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    Default Does USA 2009 = Argentina 2001? Part I: Falling economy reaches terminal velocity - Eric Janszen

    Does USA 2009 = Argentina 2001? Part I: Falling economy reaches terminal velocity

    • Slowed by green parachutes
    • Bond market suspends disbelief
    • Why China is nervous

    We have all heard that the U.S. economy cannot go the way of Argentina in 2001 when foreign investors expressed lost confidence in the government and refused to roll over maturing short-term government bonds. Money fled the country as foreign currency reserves dwindled. A balance of payments crisis facilitated by investor panic led to the very outcome investor’s feared: the world’s largest ever sovereign bond default, a collapsing currency, and hyperinflation.

    That can never happen here in the U.S., we are told. The U.S. owes its foreign debts in its own currency. U.S. lenders will never shoot themselves in the foot by allowing a dollar debt and currency crisis to develop because they depend on the U.S. for trade to support their own domestic economies. Foreign central banks, such as the People's Bank of China, will continue to step in to rescue the U.S. They will not fail the U.S. as the IMF failed Argentina. They will keep buying U.S. debt forever no matter how large U.S. fiscal deficits become, or how much bad debt the Federal Reserve takes onto its balance sheet, or how long it takes for the U.S. economy to recover.

    But this is no more than an argument that the U.S. is not likely to experience a replica of an Argentina 2001 debt and currency crisis, and of course that is true. But that does not mean that a related, equally unseemly but fundamentally different catastrophic result may follow from similar causes and crisis triggers. Evidence abounds that the U.S. is trapped in a cycle of economic contraction and declining creditworthiness from which an Argentine style default with U.S. characteristics is all but inevitable.

    Here we take a deep dive into the macro economics of the Argentine crisis—GDP growth, consumption, investment, inflation, industrial production, unemployment and a dozen other details of the Argentine economy in the period before it collapsed at the end of 2001. We compare the same macro economic measures during the U.S. economic crisis that started in 2008.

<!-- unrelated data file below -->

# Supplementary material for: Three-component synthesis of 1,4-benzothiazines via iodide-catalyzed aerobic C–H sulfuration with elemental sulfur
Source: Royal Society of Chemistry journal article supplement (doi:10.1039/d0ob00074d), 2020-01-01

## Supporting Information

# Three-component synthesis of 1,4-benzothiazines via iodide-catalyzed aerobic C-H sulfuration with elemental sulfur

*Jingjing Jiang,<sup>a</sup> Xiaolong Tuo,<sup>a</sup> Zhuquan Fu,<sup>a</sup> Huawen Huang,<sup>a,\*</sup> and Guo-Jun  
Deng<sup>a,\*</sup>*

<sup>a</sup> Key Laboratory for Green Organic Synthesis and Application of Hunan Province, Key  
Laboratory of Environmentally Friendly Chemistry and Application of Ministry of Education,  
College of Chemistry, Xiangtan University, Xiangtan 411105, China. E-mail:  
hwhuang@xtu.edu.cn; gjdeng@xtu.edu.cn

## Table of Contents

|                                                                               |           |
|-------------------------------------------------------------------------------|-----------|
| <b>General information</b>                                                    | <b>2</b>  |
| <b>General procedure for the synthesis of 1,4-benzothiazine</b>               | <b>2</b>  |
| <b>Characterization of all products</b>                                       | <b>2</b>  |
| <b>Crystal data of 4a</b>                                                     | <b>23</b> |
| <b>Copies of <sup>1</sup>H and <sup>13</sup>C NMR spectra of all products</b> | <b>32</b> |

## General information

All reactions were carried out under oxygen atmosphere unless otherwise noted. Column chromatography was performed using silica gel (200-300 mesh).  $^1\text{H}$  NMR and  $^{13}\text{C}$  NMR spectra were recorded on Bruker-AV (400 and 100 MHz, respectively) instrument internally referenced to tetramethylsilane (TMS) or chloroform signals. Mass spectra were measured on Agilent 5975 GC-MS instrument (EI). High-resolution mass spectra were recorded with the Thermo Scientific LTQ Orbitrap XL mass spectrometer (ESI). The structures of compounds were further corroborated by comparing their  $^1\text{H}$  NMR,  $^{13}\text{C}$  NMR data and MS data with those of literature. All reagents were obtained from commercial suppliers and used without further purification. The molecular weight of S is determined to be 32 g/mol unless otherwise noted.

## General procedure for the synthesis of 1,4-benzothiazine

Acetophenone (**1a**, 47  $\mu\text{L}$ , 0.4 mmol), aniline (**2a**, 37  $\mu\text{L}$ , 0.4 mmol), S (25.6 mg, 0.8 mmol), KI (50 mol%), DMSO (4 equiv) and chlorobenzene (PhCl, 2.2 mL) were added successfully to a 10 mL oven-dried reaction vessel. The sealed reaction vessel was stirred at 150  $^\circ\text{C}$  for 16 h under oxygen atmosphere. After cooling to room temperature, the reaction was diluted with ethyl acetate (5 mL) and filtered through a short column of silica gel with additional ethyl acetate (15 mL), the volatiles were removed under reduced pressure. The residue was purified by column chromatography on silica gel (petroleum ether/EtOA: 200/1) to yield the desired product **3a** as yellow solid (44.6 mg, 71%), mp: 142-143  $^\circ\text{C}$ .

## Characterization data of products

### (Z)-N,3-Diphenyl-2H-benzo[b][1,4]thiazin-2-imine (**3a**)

A few items, such as currency reserves, stand out in ways that show how different the U.S. situation is now from Argentina’s then, but most of the macro economic comparisons reveal astonishing similarities, especially measures of output and inflation.

    Argentina and Ka-Poom Theory

    We had not re-visited the case of Argentina since 1998 when we developed our now ten-year-old Ka-Poom Theory. We did so because simplistic Keynesian and monetarist models of inflation and deflation neglect the critical factor of capital flows on net debtor economies like the U.S. and Argentina in crisis. In the kind of crisis that is most likely to grip the U.S. with anything but fleeting economic troubles, capital flows become the only economic factor that matters and others that monetarists dwell on, such as bank credit, become irrelevant. "Inflation is always and ever a monetary phenomenon" is great marketing for hawkish monetary policy but lousy economics.

    We needed our own theory because we wanted to know what to do with the proceeds of investments in technology companies that we planned to liquidate before the stock market bubble we were in at the time collapsed, which bubble was also a theory to most in 1998 but was to us a fact, its collapse an inevitability to be timed not debated.

    Ka-Poom Theory lays out an economic process. It begins with a post credit bubble economic collapse, such as occurred in 2000 and again in 2008, that immediately results in debt deflation and a contraction in bank credit. The credit contraction then spills over into the real economy to produce monetary deflation as demand and output fall. But the period of deflation is brief because the economics orthodoxy of our time calls for radical and immediate fiscal and monetary policy action to slow the contraction of money and credit and boost demand.

    We call this part of the Ka-Poom process “disinflation” to distinguish it from the self-reinforcing process of monetary and credit deflation that gripped the U.S. in the 1930s, aka a deflation spiral. No deflation spiral has never occurred anywhere else ever since, yet many economists still opine on deflation spirals and liquidity traps, as if gold backing still held back credit and money expansion as it did in the early 1930s. These economists apparently have not noticed that even during the gold standard era any government wishing to produce money to pay for war first went off the gold standard—temporarily of course—after which money and inflation appeared in abundance no matter the circumstances of the economy, high unemployment or low, high debt levels or low. Since the 1930s governments skip the step of dropping off the gold standard and go right to the printing, and for any number of political purposes other than war. Many have to excess, with Zimbabwe as the most recent and illustrious example. Deflation is the penultimate red herring of modern central banking.

    The second inflationary part of the Ka-Poom process occurs if re-inflation of a crashed economy by fiscal and monetary stimulus goes haywire for reasons of trade and finance, as in the case of Argentina in 2001 and dozens of other indebted nations throughout the world before and several since.